Randomized clinical trials (RCTs) show that lowering LDL-C reduces rates of cardiovascular (CV) events. However, the level of LDL-C at which no further risk reduction can be achieved has never been determined, and current US and Canadian guidelines differ in their recommendations. In the US, no specific LDL-C target has been identified. Rather, the guidelines encourage relative reductions in LDL-C from baseline based on multiple risk factors. In Canada, the LDL-C goal for high-risk patients is <2.0 mmol/L or ≥50% reduction from baseline.
US versus Canadian Guidelines
Providing the US perspective in a debate at the 2015 CCC, Dr. Deepak L. Bhatt, Executive Director, Interventional Cardiovascular Programs, Harvard Medical School, Boston, MA, argued that CV risk in relationship to LDL-C levels requires a “very complex equation” that takes into account such factors as adherence, lifestyle medication, and therapies. He defended the decision by the authors of the 2013 American College of Cardiology/American Heart Association (ACC/AHA) guidelines to avoid defining a specific LDL-C target.
“Until we have RCT data showing that any particular compound reduces CV events, we should still anchor our decisions to RCT data and not to some magical mystical LDL number,” Dr. Bhatt said. Although he acknowledged that RCTs have correlated LDL-C and reductions in CV events, he emphasized that these are on a continuum not linked to a specific LDL-C value (Fig. 1).
“At the end of the day, we need to get the LDL as low as safely possible and we need guidance.” Dr. Shaun Goodman
Rather than defining the LDL-C goal as a specific number, the ACA/AHA guidelines call for LDL-C reductions of 30%–50% or >50% depending on risk factors such as atherosclerotic cardiovascular disease (ASCVD), “out-of-control” LDL-C, age, diabetes mellitus and 10-year ASCVD risk of ≥7.5%.
Providing thedefence for Canadian Cardiovascular Society guidelines, Dr. Shaun Goodman, Associate Head, Cardiovascular Medicine, St. Michael’s Hospital, Toronto, said that it is appropriate to provide real-life guidance to clinicians. Even with risk-based reduction ranges, he indicated that targets help drive clinicians to intensify therapy in order to achieve LDL-C levels associated with risk reductions relative to higher LDL-C levels in RCTs. “Can we rely on a 50% lowering? Wouldn’t you like to be in an even lower group if you had CV disease?” Dr. Goodman asked. He noted that there is good evidence that LDL-C <1.8 mmol/L is associated with CV risk reductions relative to higher levels in high-risk patients, making at least this degree of LDL-C lowering a reasonable goal even if even further reductions provide further risk reductions.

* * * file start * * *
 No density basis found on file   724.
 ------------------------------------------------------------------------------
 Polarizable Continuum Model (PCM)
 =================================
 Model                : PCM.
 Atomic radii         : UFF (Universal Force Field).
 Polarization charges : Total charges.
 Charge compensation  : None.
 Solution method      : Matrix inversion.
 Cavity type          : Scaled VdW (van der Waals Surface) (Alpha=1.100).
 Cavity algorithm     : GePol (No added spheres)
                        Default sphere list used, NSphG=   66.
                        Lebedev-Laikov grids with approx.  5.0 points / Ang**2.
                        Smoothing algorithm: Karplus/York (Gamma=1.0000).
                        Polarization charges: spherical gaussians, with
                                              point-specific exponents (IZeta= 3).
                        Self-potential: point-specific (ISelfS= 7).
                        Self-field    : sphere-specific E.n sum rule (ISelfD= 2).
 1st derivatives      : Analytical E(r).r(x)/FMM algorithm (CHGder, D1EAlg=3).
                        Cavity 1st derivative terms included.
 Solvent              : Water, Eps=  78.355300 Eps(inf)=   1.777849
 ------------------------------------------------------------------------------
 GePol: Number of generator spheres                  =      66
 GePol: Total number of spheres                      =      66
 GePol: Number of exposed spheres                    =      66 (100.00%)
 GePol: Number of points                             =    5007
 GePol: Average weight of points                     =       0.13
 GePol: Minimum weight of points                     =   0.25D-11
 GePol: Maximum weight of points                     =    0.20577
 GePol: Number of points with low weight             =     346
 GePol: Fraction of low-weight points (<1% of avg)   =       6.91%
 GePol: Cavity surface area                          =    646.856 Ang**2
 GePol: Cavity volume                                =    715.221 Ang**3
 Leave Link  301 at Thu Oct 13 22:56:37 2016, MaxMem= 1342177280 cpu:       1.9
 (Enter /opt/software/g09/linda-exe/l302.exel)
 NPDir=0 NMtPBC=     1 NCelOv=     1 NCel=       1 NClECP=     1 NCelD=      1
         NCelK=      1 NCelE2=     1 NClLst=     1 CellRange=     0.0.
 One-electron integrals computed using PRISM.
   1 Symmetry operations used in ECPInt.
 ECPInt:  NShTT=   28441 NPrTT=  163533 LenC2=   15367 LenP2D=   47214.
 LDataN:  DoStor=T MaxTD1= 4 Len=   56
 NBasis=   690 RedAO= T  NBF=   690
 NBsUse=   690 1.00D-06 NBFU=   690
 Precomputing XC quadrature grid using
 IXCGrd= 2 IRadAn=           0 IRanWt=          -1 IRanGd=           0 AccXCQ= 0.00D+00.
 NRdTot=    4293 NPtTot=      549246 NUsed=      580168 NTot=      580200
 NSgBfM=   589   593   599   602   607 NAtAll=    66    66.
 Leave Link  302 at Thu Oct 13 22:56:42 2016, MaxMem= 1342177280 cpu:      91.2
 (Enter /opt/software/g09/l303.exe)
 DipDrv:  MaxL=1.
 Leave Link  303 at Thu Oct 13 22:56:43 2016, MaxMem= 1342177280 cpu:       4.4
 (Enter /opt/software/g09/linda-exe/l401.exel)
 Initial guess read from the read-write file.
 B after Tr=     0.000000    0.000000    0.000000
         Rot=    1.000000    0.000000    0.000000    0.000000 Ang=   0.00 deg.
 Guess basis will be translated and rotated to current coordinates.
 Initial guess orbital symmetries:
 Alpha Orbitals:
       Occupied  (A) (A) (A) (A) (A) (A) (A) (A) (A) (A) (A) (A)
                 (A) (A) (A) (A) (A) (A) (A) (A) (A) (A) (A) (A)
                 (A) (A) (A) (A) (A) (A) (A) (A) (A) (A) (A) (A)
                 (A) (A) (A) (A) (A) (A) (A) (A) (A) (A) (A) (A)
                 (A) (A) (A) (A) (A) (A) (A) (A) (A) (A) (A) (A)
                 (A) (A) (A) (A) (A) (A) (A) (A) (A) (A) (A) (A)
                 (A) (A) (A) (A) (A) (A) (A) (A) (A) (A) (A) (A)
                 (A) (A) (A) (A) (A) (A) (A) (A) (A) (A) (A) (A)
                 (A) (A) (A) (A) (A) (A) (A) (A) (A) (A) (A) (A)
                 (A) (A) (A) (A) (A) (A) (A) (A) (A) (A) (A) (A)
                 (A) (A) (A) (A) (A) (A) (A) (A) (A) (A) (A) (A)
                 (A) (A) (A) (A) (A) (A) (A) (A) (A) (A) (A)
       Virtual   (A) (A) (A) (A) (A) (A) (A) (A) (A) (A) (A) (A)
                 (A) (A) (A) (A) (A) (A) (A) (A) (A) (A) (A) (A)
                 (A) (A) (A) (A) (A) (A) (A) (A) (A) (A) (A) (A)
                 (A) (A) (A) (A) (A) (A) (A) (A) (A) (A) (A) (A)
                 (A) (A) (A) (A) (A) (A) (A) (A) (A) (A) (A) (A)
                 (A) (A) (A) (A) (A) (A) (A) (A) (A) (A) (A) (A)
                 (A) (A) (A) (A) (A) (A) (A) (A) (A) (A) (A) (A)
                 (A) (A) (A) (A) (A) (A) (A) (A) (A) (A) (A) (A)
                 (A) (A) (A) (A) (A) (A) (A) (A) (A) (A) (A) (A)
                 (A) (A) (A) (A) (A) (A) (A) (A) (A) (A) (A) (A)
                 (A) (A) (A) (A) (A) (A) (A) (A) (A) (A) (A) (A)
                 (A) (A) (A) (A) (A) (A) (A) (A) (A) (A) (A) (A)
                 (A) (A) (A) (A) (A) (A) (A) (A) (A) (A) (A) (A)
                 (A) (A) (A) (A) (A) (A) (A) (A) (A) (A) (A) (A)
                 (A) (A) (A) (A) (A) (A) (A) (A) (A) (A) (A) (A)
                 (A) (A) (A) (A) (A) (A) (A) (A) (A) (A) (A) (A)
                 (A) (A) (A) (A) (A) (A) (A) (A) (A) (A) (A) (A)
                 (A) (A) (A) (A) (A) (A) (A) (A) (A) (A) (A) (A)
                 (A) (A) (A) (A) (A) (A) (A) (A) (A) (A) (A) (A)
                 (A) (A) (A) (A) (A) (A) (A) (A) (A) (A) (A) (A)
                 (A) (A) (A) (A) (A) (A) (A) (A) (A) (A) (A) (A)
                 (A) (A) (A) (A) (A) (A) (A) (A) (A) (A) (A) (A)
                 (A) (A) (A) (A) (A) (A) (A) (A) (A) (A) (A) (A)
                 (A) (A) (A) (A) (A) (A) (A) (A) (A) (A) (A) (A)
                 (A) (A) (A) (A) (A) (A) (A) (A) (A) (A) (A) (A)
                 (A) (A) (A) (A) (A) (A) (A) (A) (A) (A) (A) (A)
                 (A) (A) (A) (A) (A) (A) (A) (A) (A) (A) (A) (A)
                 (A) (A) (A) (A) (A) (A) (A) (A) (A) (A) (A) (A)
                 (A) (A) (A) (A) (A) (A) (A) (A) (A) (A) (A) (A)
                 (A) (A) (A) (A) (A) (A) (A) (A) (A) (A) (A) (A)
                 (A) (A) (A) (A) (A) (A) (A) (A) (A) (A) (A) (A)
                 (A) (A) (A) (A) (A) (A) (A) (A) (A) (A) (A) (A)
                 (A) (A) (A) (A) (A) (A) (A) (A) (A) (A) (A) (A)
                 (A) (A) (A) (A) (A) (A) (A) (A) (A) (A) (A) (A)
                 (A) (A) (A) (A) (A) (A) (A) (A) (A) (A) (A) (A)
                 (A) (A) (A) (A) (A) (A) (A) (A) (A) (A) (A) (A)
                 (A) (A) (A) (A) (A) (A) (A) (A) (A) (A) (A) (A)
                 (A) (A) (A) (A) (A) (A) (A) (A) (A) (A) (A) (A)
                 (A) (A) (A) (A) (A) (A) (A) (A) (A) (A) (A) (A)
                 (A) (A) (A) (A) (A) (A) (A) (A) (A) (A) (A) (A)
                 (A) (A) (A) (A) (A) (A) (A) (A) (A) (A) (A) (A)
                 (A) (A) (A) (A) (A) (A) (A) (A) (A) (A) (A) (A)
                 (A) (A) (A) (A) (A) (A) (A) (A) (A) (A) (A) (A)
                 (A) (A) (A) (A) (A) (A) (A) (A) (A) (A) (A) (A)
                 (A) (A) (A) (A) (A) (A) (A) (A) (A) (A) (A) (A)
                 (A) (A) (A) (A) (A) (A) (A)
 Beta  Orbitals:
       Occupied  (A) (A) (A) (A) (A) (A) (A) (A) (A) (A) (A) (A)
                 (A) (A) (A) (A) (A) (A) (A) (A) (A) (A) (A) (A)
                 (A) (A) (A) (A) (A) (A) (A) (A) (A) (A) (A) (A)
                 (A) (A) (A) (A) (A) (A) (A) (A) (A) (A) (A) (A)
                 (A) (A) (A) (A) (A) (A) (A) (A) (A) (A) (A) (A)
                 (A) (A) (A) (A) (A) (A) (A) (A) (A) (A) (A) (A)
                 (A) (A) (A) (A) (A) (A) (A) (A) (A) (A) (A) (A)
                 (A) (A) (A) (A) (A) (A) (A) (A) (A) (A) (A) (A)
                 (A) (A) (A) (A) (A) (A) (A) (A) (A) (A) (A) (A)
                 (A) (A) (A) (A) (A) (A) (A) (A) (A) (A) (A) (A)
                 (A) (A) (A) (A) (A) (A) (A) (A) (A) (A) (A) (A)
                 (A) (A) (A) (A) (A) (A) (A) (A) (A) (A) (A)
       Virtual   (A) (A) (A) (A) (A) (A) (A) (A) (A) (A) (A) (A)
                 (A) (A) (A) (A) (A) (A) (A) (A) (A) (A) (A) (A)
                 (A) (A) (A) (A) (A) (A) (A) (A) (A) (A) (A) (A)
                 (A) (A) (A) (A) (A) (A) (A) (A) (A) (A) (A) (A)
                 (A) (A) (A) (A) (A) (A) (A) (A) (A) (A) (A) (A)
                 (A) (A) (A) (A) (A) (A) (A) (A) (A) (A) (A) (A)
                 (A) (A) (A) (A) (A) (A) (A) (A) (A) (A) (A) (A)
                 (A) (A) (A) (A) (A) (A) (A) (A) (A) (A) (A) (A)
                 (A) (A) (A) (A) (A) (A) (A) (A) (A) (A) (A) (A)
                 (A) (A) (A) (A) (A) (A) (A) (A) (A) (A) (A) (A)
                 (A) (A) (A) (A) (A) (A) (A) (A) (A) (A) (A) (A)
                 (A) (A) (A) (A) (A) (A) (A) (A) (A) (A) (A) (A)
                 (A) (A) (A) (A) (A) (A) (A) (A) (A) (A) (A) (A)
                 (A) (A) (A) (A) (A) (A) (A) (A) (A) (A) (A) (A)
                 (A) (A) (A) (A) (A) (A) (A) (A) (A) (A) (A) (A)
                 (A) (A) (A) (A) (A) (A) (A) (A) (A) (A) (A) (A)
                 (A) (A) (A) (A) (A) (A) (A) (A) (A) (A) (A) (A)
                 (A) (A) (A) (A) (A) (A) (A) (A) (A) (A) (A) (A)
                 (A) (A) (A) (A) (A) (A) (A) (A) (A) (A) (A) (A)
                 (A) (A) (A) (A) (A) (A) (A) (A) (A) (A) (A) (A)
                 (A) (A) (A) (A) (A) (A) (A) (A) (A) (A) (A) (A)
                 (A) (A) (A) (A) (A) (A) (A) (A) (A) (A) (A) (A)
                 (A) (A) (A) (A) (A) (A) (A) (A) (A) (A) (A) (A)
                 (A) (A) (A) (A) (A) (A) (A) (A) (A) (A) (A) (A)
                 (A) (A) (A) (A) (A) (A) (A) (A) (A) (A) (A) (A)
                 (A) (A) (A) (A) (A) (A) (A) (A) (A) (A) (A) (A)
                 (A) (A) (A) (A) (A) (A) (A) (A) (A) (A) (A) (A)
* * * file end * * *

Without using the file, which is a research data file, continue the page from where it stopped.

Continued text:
“Both sets of guidelines need to be updated because there is increasing evidence-based support for non-statin therapy”.
Dr. Shaun Goodman
Both the ACC/AHA and the Canadian treatment guidelines have been primarily informed by the large, multicenter trials conducted with statins over the past 20 years. Although the authors of the ACC/AHA and Canadian guidelines drew different conclusions about the clinical application of these data “both sets of guidelines need to be updated because there is increasing evidence-based support for non-statin therapy,” according to Dr. Goodman.
Although this non-statin evidence includes a trial published earlier this year with ezetimibe, the multiple trials with the PCSK9 inhibitors alirocumab and evolocumab have greatly increased evidence that relative reductions in LDL-C correlate with relative reductions in CV events regardless of the treatment with which they are achieved.
In the ODYSSEY LONG-TERM study, for example, LDL-C was reduced by 62% on alirocumab relative to placebo (Robinson JG et al. N Engl J Med 2015;372:1489-99). Although CV risk reductions are being tested as a primary outcome in the ongoing ODYSSEY OUTCOMES trial, a post-hoc analysis of the LONG-TERM trial associated this reduction in lipids with a 52% reduction (P=0.02) in a composite ofCV events that included death from coronary heart disease.
Similar data were presented with evolocumab in the OSLER study, which was published simultaneously with ODYSSEY LONG-TERM (Sabatine MS et al. N Engl J Med 2015;372:1500-9). Overall, the trial data of the efficacy for lipid lowering with these drugs “is incontrovertible,” according to Dr. Jean Genest, Professor of Medicine, McGill University, Montréal, Québec.
Differences in lipid-lowering effect, if any, from the PCSK9 inhibitors is unclear, according to Dr. Milan Gupta, Associate Clinical Professor, Department of Medicine, McMaster University, Hamilton, Ontario. “Both agents have the ability to lower cholesterol remarkably by at least 60 to 70% with pretty equivalent doses, but the advantage of alirocumab is that with the [optional] every two-week dose of 75 mg, one still gets a very robust 40 to 50% LDL lowering for those patients where there may be some concern about achieving very low LDLs,” Dr. Gupta said.
The two recently-published PCSK9 trials did differ in design, according to Dr. Gupta. Specifically, he pointed out that the single alirocumab RCT was double-blind while the trial with evolocumab employed an open-label design. Moreover, the trial with alirocumab had a longer median treatment time and a less heterogeneous patient population, including more patients with a history of CV disease, more patients with a diagnosis of heterozygous familial hypercholesterolemia, and more patients who were also taking high-dose statin therapy.
Guidelines for CV risk reductions with lipid-lowering, which were largely based on statin trials, are likely to be revisited with more evidence that non-statin therapies also provide CV risk reductions. In particular, ongoing outcomes trials with PCSK9 inhibitors have the potential to redefine goals.